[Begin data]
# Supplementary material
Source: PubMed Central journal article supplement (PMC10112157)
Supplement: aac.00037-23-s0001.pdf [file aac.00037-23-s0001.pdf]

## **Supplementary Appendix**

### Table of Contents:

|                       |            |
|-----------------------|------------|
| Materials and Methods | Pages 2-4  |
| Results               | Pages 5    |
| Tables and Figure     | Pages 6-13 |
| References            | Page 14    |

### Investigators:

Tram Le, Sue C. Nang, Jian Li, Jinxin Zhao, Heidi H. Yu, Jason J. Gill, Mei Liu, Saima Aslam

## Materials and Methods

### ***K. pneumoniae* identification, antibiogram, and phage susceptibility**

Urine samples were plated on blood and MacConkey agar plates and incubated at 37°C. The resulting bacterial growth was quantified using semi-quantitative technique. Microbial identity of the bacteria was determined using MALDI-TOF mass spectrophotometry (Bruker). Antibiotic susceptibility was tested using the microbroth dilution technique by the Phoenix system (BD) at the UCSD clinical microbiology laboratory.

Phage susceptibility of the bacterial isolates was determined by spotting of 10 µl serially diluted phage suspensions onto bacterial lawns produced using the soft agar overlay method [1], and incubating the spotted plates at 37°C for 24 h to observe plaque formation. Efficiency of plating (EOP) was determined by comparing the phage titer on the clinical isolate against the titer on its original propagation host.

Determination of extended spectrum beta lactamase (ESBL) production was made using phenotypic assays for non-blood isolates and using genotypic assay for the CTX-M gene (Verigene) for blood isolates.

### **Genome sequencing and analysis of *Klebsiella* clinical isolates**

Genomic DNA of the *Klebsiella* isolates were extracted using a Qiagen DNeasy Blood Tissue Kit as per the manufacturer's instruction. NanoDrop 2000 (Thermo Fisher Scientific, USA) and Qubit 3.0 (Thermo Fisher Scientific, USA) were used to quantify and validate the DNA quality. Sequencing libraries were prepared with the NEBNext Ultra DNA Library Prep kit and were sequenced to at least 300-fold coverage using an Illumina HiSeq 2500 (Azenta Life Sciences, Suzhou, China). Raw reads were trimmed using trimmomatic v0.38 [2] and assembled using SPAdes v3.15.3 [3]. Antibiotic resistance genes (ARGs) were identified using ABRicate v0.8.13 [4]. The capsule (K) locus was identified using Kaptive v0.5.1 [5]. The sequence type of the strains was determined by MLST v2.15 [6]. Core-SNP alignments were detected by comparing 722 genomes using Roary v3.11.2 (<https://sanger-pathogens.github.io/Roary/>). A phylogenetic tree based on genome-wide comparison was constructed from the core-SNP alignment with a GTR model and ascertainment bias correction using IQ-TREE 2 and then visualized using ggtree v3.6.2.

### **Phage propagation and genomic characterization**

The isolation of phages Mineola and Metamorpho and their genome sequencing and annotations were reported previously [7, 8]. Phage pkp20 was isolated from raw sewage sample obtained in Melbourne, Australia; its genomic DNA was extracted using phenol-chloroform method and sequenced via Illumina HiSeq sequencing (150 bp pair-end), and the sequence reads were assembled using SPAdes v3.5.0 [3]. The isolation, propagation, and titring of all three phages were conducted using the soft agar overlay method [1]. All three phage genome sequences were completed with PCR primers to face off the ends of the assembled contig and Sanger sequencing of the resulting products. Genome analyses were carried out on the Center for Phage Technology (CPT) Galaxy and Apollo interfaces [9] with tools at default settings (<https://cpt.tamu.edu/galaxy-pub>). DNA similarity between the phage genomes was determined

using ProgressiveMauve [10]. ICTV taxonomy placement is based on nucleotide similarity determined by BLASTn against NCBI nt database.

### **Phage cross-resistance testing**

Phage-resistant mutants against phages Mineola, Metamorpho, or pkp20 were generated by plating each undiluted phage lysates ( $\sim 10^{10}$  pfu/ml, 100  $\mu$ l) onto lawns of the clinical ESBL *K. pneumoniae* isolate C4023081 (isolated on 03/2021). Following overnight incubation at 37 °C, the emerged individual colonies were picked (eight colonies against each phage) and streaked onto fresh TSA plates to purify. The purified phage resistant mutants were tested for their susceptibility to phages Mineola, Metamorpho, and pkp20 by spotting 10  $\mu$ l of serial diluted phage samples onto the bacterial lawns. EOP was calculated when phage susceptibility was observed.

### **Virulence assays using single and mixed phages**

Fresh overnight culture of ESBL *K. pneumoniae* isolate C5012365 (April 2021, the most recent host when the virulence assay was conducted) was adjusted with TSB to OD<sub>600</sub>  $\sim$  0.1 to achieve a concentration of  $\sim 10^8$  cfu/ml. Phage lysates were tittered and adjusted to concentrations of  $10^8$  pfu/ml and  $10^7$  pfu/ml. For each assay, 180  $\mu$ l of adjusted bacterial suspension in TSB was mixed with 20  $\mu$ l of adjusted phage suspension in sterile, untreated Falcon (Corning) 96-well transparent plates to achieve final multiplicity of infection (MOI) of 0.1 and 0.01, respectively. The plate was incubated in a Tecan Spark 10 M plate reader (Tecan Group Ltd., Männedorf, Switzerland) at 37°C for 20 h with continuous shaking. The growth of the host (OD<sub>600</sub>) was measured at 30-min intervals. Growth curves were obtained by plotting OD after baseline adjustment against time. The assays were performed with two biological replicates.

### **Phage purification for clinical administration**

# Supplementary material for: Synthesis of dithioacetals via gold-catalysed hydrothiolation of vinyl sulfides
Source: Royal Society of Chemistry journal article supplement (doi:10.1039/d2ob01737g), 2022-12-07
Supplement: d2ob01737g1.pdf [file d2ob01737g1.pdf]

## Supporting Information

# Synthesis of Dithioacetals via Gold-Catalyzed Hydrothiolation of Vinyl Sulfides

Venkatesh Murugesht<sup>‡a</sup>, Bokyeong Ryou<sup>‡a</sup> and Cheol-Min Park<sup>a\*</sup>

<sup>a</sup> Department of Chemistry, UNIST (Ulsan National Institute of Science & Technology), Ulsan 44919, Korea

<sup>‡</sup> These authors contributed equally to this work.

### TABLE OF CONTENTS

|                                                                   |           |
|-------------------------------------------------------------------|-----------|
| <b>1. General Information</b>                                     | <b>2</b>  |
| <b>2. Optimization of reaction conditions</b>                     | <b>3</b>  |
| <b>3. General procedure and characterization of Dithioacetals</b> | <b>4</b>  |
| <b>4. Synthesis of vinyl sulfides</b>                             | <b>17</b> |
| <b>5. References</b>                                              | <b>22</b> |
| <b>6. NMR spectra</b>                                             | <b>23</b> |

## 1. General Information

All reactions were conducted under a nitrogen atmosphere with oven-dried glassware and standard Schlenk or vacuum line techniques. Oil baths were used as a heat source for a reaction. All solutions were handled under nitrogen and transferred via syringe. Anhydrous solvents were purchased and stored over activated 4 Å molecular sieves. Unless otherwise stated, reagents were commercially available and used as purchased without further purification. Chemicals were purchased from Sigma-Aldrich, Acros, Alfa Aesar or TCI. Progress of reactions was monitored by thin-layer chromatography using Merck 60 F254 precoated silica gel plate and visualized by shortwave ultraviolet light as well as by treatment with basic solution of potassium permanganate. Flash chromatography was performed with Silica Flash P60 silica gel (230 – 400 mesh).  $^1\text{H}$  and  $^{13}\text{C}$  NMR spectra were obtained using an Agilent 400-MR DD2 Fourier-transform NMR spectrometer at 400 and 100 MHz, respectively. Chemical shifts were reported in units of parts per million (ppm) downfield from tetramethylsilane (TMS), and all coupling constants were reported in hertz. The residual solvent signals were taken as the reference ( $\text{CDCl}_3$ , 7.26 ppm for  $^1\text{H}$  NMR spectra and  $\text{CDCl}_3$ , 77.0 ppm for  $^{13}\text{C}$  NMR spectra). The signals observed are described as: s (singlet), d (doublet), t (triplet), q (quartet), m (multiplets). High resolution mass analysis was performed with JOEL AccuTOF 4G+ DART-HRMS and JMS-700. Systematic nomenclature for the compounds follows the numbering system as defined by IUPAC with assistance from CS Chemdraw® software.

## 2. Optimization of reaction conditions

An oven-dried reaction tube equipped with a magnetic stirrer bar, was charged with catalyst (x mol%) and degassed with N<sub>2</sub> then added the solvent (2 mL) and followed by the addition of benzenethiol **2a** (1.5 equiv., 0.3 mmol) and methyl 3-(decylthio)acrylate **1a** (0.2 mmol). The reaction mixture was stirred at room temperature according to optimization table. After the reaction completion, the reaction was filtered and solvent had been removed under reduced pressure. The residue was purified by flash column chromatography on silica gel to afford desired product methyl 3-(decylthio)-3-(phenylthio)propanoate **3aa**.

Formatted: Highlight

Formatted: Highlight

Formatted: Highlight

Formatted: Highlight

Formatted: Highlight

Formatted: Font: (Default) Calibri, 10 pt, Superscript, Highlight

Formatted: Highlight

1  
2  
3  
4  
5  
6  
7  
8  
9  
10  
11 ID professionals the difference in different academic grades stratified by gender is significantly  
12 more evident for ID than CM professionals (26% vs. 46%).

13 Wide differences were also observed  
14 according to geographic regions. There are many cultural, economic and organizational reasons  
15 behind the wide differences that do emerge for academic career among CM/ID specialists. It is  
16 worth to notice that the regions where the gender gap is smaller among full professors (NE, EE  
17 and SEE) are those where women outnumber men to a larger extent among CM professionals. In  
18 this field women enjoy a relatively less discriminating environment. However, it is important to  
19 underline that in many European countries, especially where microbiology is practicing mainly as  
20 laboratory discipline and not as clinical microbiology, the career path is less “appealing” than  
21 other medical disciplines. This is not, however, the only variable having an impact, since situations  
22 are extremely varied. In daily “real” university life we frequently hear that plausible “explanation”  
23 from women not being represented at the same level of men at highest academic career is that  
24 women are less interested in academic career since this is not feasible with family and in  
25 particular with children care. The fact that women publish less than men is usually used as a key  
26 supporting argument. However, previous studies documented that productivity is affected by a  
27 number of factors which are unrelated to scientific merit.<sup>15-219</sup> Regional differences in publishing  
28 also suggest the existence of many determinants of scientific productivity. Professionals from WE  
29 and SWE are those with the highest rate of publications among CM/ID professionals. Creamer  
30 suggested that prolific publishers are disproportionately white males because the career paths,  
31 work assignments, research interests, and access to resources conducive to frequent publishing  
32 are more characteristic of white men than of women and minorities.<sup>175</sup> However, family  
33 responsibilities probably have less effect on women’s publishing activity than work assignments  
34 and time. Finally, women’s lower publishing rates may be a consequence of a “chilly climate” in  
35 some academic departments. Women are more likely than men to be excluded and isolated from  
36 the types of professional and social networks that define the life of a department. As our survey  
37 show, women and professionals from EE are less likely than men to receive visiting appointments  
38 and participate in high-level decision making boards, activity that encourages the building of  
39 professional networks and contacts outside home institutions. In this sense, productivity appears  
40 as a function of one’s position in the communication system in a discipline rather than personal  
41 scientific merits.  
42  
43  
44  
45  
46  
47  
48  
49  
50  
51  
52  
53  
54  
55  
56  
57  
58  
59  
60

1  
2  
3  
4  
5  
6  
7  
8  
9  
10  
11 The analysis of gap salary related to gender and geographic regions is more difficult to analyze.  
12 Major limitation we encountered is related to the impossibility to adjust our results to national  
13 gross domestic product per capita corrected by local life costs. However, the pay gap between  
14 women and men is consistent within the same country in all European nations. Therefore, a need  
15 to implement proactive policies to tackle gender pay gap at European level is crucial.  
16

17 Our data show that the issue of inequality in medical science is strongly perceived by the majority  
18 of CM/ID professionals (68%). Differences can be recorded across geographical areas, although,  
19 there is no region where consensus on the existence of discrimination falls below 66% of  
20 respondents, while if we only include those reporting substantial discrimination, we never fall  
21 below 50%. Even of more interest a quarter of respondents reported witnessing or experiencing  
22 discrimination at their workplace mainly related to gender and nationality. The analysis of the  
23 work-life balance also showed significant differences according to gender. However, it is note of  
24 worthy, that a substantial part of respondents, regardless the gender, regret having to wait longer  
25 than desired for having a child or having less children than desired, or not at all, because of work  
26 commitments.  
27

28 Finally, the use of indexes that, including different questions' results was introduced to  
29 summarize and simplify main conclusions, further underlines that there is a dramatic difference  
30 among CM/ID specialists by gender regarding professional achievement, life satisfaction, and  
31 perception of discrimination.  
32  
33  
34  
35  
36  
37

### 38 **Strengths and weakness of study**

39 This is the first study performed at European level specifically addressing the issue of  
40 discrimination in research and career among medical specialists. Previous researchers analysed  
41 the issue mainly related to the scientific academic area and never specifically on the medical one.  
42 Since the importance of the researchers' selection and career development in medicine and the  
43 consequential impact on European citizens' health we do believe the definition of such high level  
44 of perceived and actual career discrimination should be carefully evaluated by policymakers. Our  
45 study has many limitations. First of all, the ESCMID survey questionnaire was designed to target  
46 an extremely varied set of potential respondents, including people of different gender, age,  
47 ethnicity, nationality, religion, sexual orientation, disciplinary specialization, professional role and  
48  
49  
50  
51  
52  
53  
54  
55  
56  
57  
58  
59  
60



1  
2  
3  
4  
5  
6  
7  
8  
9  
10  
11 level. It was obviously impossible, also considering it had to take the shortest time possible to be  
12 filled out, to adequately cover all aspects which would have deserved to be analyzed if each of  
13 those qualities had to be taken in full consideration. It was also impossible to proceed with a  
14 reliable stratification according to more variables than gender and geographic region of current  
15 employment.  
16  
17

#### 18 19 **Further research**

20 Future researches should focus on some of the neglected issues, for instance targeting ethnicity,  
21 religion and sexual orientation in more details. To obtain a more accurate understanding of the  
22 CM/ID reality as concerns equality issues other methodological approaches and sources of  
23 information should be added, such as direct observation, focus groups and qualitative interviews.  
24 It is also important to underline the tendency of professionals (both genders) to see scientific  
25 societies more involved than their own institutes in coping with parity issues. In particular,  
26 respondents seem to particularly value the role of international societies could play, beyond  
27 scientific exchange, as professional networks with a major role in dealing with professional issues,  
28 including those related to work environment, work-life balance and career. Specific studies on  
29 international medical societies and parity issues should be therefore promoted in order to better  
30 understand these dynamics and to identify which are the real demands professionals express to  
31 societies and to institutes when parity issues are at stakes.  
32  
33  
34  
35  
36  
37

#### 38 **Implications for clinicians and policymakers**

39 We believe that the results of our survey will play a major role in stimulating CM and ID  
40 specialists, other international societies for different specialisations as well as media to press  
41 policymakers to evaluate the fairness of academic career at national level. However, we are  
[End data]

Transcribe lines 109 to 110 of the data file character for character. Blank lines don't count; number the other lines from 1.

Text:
53  
54  